by Peter J. Robinson
University of North Carolina at Chapel Hill, Department of Geography
Reprinted with permission from the North Carolina Atlas Revisited. Managing editor: Alfred W. Stuart.
Drought may be, rather obviously, the opposite of floods, but it is much more difficult to define and detect. It is something which seems to creep up on people and they hardly recognize it until it is already well established. There is no real nation-wide definition since drought depends not only on the average rainfall expected in any area, but also the common year-to-year rainfall variability in the area. Further, whether or not a drought occurs depends on whether one is worried about agriculture, construction, energy generation, water supply or forest-fire danger. Consequently, several ways of measuring drought have been developed, none of them completely satisfactory for all regions or all impacts. One measure for which there is a long, detailed record, is the Palmer Drought Severity Index (PDSI, shown to the right in Table C). Although nationally this emphases agricultural drought, in North Carolina it is a good general measure for most impacts. This Index indicates that drought was virtually absent during the first decade of the 20th century, to be followed by a slow increase into the 1920s (Figure 15). That decade was much drier than the following one, the Dust Bowl years which devastated the mid-section of the nation. The droughts of the 1930's may have been less severe here, but nevertheless both decades had significant impacts on a rural, agricultural state, particularly since there was no Federal safety net for the farmers affected. Frequent droughts continued throughout the '40s and '50s and then almost vanished for the 1960s and '70s. The 1980s again had droughts while the '90s were wet. There was, however, another trend during those 100 years. Early in the period the mountains were much less susceptible to drought than the rest of the state. By the end they had become the most likely place to get drought.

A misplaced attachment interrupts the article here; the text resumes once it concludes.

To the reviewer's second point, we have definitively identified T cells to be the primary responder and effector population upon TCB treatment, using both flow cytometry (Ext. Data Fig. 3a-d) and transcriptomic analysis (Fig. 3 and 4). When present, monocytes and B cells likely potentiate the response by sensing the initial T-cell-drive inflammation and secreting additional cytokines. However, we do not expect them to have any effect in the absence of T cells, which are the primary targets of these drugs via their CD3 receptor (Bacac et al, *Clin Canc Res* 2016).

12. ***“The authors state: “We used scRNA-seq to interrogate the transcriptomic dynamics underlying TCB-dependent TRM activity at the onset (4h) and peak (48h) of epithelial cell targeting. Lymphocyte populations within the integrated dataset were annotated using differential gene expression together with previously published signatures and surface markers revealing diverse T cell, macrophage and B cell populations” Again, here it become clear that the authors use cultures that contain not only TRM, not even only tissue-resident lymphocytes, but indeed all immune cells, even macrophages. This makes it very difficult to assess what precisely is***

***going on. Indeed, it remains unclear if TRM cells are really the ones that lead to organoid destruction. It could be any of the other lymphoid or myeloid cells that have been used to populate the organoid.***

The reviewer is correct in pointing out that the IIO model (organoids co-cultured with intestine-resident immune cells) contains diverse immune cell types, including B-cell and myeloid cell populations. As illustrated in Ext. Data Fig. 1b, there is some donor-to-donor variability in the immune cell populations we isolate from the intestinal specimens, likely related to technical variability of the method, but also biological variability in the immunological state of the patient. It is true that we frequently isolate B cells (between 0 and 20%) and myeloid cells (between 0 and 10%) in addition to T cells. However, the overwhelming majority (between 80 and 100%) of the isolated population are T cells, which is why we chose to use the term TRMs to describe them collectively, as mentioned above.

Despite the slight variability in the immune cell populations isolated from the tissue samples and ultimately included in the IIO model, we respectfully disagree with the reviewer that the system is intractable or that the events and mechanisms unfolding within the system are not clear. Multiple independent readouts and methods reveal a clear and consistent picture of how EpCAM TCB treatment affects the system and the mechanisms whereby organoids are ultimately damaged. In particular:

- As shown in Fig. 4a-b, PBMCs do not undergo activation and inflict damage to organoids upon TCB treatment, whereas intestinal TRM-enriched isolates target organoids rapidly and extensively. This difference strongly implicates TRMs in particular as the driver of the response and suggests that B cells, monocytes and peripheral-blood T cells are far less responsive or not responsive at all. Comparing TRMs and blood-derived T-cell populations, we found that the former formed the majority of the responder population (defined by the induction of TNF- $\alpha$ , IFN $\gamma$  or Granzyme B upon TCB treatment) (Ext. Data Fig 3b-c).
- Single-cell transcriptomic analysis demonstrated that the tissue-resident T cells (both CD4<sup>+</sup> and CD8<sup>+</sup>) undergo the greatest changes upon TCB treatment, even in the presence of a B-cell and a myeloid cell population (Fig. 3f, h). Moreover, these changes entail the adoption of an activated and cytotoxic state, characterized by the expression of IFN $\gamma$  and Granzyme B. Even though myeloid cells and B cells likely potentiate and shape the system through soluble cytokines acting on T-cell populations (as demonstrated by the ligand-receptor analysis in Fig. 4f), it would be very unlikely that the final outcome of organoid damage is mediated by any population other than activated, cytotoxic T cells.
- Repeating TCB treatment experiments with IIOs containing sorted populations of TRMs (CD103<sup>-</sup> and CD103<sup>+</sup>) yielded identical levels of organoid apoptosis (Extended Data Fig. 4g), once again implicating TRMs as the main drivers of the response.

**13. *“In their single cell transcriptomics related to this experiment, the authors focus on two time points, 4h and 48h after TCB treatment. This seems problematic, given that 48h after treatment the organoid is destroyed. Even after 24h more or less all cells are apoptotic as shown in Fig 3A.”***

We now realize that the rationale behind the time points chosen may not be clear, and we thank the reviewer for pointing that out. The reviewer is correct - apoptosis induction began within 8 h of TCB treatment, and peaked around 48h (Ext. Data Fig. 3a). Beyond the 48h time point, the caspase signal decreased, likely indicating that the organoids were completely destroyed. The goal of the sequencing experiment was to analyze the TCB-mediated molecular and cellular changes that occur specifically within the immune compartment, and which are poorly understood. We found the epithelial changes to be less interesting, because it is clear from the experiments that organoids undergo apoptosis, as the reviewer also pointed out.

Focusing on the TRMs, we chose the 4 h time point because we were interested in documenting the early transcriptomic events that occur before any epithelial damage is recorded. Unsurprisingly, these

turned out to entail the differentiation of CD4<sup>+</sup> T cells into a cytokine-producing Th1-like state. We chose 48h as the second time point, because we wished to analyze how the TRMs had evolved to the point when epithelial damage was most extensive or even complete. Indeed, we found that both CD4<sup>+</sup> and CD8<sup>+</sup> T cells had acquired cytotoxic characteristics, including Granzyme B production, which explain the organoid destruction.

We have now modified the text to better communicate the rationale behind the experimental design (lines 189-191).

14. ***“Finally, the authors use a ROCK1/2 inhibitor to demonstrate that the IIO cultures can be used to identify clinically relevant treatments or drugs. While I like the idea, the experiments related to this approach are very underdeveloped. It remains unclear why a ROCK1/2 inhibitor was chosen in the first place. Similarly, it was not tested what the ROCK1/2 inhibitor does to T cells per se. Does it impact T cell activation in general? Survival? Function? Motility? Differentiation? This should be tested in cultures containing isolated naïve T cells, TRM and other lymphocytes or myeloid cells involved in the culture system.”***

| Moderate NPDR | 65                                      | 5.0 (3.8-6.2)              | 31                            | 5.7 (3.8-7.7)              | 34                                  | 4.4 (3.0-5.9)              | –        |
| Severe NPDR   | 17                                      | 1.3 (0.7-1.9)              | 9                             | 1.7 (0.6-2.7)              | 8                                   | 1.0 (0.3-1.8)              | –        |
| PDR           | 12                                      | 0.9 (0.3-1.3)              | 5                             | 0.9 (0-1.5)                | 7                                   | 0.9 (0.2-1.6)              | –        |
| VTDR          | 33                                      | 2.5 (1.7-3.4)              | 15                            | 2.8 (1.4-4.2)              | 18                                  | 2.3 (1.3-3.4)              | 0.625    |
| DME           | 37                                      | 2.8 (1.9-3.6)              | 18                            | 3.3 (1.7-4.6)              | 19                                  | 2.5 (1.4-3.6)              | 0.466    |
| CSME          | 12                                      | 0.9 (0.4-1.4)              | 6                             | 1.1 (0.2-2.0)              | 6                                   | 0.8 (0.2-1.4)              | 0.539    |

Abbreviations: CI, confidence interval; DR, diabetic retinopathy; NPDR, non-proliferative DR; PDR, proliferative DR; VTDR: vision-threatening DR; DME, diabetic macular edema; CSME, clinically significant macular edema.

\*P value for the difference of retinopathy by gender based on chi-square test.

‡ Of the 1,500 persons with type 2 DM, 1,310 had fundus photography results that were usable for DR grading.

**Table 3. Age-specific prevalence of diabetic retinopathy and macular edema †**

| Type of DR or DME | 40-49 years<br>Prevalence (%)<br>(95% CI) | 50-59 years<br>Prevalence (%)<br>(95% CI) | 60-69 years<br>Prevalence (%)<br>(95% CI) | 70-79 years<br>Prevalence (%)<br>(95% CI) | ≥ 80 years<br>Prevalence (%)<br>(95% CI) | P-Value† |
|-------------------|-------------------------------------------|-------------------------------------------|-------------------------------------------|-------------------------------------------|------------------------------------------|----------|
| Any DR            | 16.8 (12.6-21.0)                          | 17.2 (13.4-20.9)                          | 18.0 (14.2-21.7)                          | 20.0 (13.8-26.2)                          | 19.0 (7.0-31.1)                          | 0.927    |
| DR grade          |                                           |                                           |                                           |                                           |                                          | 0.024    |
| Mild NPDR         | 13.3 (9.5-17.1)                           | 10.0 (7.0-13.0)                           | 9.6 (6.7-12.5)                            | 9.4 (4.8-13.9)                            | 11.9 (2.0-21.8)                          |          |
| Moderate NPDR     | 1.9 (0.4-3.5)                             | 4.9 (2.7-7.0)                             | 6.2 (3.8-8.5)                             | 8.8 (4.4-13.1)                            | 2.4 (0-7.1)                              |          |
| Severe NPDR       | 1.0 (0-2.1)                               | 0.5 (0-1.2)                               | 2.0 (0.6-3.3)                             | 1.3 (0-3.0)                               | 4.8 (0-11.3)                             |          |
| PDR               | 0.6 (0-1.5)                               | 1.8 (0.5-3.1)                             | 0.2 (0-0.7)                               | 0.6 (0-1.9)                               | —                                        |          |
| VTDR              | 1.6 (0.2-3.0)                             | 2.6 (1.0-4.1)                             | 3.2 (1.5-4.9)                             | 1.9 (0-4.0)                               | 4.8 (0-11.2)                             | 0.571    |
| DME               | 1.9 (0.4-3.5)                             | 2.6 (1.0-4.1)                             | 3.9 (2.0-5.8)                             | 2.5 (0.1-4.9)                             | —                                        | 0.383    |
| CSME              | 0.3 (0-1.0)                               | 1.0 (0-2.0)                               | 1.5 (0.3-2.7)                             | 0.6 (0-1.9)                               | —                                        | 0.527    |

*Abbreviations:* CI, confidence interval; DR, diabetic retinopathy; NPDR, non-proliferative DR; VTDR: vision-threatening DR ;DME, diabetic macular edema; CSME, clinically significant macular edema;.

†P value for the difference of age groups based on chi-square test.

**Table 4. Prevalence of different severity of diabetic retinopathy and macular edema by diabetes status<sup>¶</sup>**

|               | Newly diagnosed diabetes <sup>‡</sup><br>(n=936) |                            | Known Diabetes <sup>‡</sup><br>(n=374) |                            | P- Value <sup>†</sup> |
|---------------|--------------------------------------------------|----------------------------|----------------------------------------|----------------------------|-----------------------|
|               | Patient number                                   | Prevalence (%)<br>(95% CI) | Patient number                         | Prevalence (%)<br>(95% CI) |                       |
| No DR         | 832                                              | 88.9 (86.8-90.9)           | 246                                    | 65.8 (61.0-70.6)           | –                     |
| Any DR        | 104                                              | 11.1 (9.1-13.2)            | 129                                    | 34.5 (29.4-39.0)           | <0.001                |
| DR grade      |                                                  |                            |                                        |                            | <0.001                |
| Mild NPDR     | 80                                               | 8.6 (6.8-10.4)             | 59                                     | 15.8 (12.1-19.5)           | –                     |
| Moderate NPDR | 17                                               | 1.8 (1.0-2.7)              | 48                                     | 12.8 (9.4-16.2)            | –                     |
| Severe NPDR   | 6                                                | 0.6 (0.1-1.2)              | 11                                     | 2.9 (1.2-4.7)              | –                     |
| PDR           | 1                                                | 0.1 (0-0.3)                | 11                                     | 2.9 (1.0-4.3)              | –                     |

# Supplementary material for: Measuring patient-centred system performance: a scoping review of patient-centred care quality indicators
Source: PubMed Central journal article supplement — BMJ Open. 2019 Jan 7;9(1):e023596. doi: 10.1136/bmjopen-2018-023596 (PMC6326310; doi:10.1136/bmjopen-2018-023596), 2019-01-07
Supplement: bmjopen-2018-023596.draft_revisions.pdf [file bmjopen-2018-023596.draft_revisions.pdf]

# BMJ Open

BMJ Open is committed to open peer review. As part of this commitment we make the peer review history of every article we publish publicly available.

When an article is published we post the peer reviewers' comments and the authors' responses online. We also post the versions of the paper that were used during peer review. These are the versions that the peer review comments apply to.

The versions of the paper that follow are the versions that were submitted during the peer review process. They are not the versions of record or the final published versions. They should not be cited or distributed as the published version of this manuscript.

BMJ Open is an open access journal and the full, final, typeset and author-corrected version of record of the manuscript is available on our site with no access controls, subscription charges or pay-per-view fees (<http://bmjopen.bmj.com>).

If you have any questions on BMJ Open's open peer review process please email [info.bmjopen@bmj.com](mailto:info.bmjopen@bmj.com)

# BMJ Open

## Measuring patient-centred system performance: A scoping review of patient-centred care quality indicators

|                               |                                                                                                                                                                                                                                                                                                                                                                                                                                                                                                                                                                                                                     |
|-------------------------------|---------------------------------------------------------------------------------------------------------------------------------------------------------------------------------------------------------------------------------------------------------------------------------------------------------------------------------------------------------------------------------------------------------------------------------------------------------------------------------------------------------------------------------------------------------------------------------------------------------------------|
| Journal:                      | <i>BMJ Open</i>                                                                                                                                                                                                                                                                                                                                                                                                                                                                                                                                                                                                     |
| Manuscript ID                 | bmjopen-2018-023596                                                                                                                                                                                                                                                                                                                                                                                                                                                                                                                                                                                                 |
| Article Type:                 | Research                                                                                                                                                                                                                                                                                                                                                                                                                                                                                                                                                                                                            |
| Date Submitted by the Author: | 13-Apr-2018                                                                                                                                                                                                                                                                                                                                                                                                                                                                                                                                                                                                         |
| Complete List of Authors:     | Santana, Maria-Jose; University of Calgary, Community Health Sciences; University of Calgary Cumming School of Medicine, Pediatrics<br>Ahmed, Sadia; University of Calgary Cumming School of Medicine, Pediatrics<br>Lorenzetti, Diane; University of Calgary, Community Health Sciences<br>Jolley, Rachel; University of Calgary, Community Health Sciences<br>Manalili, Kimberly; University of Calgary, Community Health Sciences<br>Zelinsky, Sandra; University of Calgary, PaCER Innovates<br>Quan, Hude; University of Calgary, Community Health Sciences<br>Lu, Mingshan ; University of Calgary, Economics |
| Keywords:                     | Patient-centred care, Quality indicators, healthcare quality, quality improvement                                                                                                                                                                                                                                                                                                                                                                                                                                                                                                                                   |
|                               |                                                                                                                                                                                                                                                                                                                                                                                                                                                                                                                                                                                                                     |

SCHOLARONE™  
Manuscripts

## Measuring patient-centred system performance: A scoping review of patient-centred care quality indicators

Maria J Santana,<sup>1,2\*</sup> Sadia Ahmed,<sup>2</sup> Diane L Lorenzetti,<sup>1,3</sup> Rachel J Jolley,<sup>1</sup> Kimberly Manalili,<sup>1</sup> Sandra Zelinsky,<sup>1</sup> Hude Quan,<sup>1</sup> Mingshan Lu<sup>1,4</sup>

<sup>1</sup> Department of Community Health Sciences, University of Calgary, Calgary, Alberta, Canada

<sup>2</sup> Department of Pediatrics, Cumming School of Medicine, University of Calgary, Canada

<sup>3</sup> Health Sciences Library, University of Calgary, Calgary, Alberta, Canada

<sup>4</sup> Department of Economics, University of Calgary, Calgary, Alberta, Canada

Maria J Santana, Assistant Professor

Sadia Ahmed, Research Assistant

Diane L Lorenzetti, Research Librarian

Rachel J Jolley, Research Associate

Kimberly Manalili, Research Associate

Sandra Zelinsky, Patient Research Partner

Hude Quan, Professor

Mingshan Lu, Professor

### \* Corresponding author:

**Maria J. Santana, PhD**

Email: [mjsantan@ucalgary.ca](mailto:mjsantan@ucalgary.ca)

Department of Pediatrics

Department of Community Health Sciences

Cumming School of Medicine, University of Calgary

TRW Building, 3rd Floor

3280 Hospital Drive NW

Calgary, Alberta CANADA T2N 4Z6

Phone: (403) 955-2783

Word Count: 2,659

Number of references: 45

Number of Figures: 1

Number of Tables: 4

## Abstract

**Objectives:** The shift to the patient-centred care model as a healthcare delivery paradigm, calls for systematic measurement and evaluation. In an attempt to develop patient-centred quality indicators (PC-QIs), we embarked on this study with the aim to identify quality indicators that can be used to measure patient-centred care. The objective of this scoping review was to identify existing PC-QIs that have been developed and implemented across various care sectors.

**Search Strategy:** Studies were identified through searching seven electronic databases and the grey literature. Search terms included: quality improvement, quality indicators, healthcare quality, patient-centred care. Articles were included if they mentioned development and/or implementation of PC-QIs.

The recent major drought (Figure 16) was most marked in the mountains. A long period of below normal rainfall began there in the summer of 1998. This expanded to include parts of the Piedmont the following winter, and parts of the Coastal Plain by the summer of 1999. It was never a severe drought outside the mountains, and the rains of hurricanes Dennis and Floyd easily broke it in the Piedmont and almost literally washed it away on the Coastal Plain. Meanwhile, in the mountains the drought continued and got worse. In October 2000 the PDSI fell below -3, signaling the onset of a severe drought. Stream flow was extremely low, groundwater was becoming scarce and there was a growing need to reduce water use. This continued almost unchanged for a year or so. Starting near the end of 2001 the drought area expanded to include virtually the whole of the state. By the summer of 2002 much of it was in extreme drought (PDSI <-4, and precipitation for the last 6 months being less than 60 percent of normal). Virtually everywhere had problems obtaining water for human and agricultural use (Figure 16). In September, 2002 abundant rain finally came to the mountains after a period of over four years with low rainfall and water problems. The Coastal Plain was also wet at this time, but over the Piedmont the extreme drought persisted from another month before abundant rain ameliorated the water problems.